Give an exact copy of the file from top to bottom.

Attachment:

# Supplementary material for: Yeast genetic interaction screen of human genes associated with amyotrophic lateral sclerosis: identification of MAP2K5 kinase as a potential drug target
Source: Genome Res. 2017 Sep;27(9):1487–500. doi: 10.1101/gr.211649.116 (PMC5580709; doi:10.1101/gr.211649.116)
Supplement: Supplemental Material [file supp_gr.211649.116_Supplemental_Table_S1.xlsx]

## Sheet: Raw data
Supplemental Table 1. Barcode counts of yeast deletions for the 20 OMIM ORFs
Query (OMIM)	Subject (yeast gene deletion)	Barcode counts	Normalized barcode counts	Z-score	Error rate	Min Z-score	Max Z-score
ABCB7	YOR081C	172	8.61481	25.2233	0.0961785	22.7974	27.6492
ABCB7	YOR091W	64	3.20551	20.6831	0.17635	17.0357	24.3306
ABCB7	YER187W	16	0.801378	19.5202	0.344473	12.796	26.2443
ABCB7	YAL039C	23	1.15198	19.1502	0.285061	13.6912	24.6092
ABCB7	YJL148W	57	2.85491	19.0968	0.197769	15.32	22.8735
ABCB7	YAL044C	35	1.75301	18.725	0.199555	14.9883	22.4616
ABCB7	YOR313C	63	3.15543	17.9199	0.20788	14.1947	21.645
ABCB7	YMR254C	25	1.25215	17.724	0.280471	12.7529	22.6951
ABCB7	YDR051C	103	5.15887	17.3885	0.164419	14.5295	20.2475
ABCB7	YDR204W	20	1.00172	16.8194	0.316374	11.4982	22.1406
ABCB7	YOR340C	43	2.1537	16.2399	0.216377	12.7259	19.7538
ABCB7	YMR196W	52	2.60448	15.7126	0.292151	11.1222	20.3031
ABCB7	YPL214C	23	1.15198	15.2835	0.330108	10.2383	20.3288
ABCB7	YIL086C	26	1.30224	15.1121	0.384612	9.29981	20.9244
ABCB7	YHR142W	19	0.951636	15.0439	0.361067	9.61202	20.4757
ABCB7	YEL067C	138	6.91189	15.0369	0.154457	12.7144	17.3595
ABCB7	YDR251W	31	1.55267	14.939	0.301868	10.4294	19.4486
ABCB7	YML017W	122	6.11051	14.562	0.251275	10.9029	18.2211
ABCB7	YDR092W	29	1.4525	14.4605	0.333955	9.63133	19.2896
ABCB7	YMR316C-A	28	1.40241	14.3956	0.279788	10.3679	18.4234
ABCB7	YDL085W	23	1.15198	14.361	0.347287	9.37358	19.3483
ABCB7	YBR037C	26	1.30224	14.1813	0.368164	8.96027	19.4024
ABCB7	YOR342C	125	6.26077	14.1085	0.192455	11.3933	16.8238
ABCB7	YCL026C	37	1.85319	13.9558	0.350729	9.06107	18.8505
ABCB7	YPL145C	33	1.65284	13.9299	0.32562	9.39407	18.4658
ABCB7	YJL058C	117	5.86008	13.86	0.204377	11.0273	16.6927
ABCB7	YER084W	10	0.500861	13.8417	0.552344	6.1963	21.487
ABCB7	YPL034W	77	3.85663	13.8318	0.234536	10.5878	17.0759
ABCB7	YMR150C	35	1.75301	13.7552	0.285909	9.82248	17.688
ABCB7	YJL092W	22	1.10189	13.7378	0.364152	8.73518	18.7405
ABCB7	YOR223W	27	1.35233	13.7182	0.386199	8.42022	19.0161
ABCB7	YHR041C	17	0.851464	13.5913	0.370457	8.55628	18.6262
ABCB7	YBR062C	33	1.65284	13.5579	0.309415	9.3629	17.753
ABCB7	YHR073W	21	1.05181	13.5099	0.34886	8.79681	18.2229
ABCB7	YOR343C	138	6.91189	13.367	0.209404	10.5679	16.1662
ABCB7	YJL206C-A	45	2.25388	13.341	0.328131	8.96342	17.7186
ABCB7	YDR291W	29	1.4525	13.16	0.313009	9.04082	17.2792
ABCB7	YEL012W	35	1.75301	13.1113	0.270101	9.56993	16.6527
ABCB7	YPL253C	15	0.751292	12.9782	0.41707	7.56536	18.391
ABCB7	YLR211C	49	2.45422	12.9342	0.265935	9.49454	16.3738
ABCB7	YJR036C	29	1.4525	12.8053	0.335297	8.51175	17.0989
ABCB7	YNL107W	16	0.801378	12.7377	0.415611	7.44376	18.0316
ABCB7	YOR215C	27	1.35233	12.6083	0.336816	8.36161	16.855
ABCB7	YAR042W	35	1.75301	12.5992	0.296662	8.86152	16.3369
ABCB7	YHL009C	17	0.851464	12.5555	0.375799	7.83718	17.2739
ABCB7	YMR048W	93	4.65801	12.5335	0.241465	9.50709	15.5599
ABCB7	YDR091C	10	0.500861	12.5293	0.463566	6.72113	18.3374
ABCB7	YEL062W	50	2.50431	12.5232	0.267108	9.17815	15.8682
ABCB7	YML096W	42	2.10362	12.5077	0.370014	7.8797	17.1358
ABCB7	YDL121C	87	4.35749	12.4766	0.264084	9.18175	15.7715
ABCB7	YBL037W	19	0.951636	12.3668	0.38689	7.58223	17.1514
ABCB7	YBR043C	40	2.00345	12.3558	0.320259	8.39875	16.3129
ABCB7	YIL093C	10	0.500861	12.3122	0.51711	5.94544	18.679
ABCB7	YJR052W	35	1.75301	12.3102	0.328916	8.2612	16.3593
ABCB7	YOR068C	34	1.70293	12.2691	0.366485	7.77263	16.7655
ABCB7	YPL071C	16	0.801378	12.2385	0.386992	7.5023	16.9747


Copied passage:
# Supplementary material for: Yeast genetic interaction screen of human genes associated with amyotrophic lateral sclerosis: identification of MAP2K5 kinase as a potential drug target
Source: Genome Res. 2017 Sep;27(9):1487–500. doi: 10.1101/gr.211649.116 (PMC5580709; doi:10.1101/gr.211649.116)
Supplement: Supplemental Material [file supp_gr.211649.116_Supplemental_Table_S1.xlsx]

## Sheet: Raw data
Supplemental Table 1. Barcode counts of yeast deletions for the 20 OMIM ORFs
Query (OMIM)	Subject (yeast gene deletion)	Barcode counts	Normalized barcode counts	Z-score	Error rate	Min Z-score	Max Z-score
ABCB7	YOR081C	172	8.61481	25.2233	0.0961785	22.7974	27.6492
ABCB7	YOR091W	64	3.20551	20.6831	0.17635	17.0357	24.3306
ABCB7	YER187W	16	0.801378	19.5202	0.344473	12.796	26.2443
ABCB7	YAL039C	23	1.15198	19.1502	0.285061	13.6912	24.6092
ABCB7	YJL148W	57	2.85491	19.0968	0.197769	15.32	22.8735
ABCB7	YAL044C	35	1.75301	18.725	0.199555	14.9883	22.4616
ABCB7	YOR313C	63	3.15543	17.9199	0.20788	14.1947	21.645
ABCB7	YMR254C	25	1.25215	17.724	0.280471	12.7529	22.6951
ABCB7	YDR051C	103	5.15887	17.3885	0.164419	14.5295	20.2475
ABCB7	YDR204W	20	1.00172	16.8194	0.316374	11.4982	22.1406
ABCB7	YOR340C	43	2.1537	16.2399	0.216377	12.7259	19.7538
ABCB7	YMR196W	52	2.60448	15.7126	0.292151	11.1222	20.3031
ABCB7	YPL214C	23	1.15198	15.2835	0.330108	10.2383	20.3288
ABCB7	YIL086C	26	1.30224	15.1121	0.384612	9.29981	20.9244
ABCB7	YHR142W	19	0.951636	15.0439	0.361067	9.61202	20.4757
ABCB7	YEL067C	138	6.91189	15.0369	0.154457	12.7144	17.3595
ABCB7	YDR251W	31	1.55267	14.939	0.301868	10.4294	19.4486
ABCB7	YML017W	122	6.11051	14.562	0.251275	10.9029	18.2211
ABCB7	YDR092W	29	1.4525	14.4605	0.333955	9.63133	19.2896
ABCB7	YMR316C-A	28	1.40241	14.3956	0.279788	10.3679	18.4234
ABCB7	YDL085W	23	1.15198	14.361	0.347287	9.37358	19.3483
ABCB7	YBR037C	26	1.30224	14.1813	0.368164	8.96027	19.4024
ABCB7	YOR342C	125	6.26077	14.1085	0.192455	11.3933	16.8238
ABCB7	YCL026C	37	1.85319	13.9558	0.350729	9.06107	18.8505
ABCB7	YPL145C	33	1.65284	13.9299	0.32562	9.39407	18.4658
ABCB7	YJL058C	117	5.86008	13.86	0.204377	11.0273	16.6927
ABCB7	YER084W	10	0.500861	13.8417	0.552344	6.1963	21.487
ABCB7	YPL034W	77	3.85663	13.8318	0.234536	10.5878	17.0759
ABCB7	YMR150C	35	1.75301	13.7552	0.285909	9.82248	17.688
ABCB7	YJL092W	22	1.10189	13.7378	0.364152	8.73518	18.7405
ABCB7	YOR223W	27	1.35233	13.7182	0.386199	8.42022	19.0161
ABCB7	YHR041C	17	0.851464	13.5913	0.370457	8.55628	18.6262
ABCB7	YBR062C	33	1.65284	13.5579	0.309415	9.3629	17.753
ABCB7	YHR073W	21	1.05181	13.5099	0.34886	8.79681	18.2229
ABCB7	YOR343C	138	6.91189	13.367	0.209404	10.5679	16.1662
ABCB7	YJL206C-A	45	2.25388	13.341	0.328131	8.96342	17.7186
ABCB7	YDR291W	29	1.4525	13.16	0.313009	9.04082	17.2792
ABCB7	YEL012W	35	1.75301	13.1113	0.270101	9.56993	16.6527
ABCB7	YPL253C	15	0.751292	12.9782	0.41707	7.56536	18.391
ABCB7	YLR211C	49	2.45422	12.9342	0.265935	9.49454	16.3738
ABCB7	YJR036C	29	1.4525	12.8053	0.335297	8.51175	17.0989
ABCB7	YNL107W	16	0.801378	12.7377	0.415611	7.44376	18.0316
ABCB7	YOR215C	27	1.35233	12.6083	0.336816	8.36161	16.855
ABCB7	YAR042W	35	1.75301	12.5992	0.296662	8.86152	16.3369
ABCB7	YHL009C	17	0.851464	12.5555	0.375799	7.83718	17.2739
ABCB7	YMR048W	93	4.65801	12.5335	0.241465	9.50709	15.5599
ABCB7	YDR091C	10	0.500861	12.5293	0.463566	6.72113	18.3374
ABCB7	YEL062W	50	2.50431	12.5232	0.267108	9.17815	15.8682
ABCB7	YML096W	42	2.10362	12.5077	0.370014	7.8797	17.1358
ABCB7	YDL121C	87	4.35749	12.4766	0.264084	9.18175	15.7715
ABCB7	YBL037W	19	0.951636	12.3668	0.38689	7.58223	17.1514
ABCB7	YBR043C	40	2.00345	12.3558	0.320259	8.39875	16.3129
ABCB7	YIL093C	10	0.500861	12.3122	0.51711	5.94544	18.679
ABCB7	YJR052W	35	1.75301	12.3102	0.328916	8.2612	16.3593
ABCB7	YOR068C	34	1.70293	12.2691	0.366485	7.77263	16.7655
ABCB7	YPL071C	16	0.801378	12.2385	0.386992	7.5023	16.9747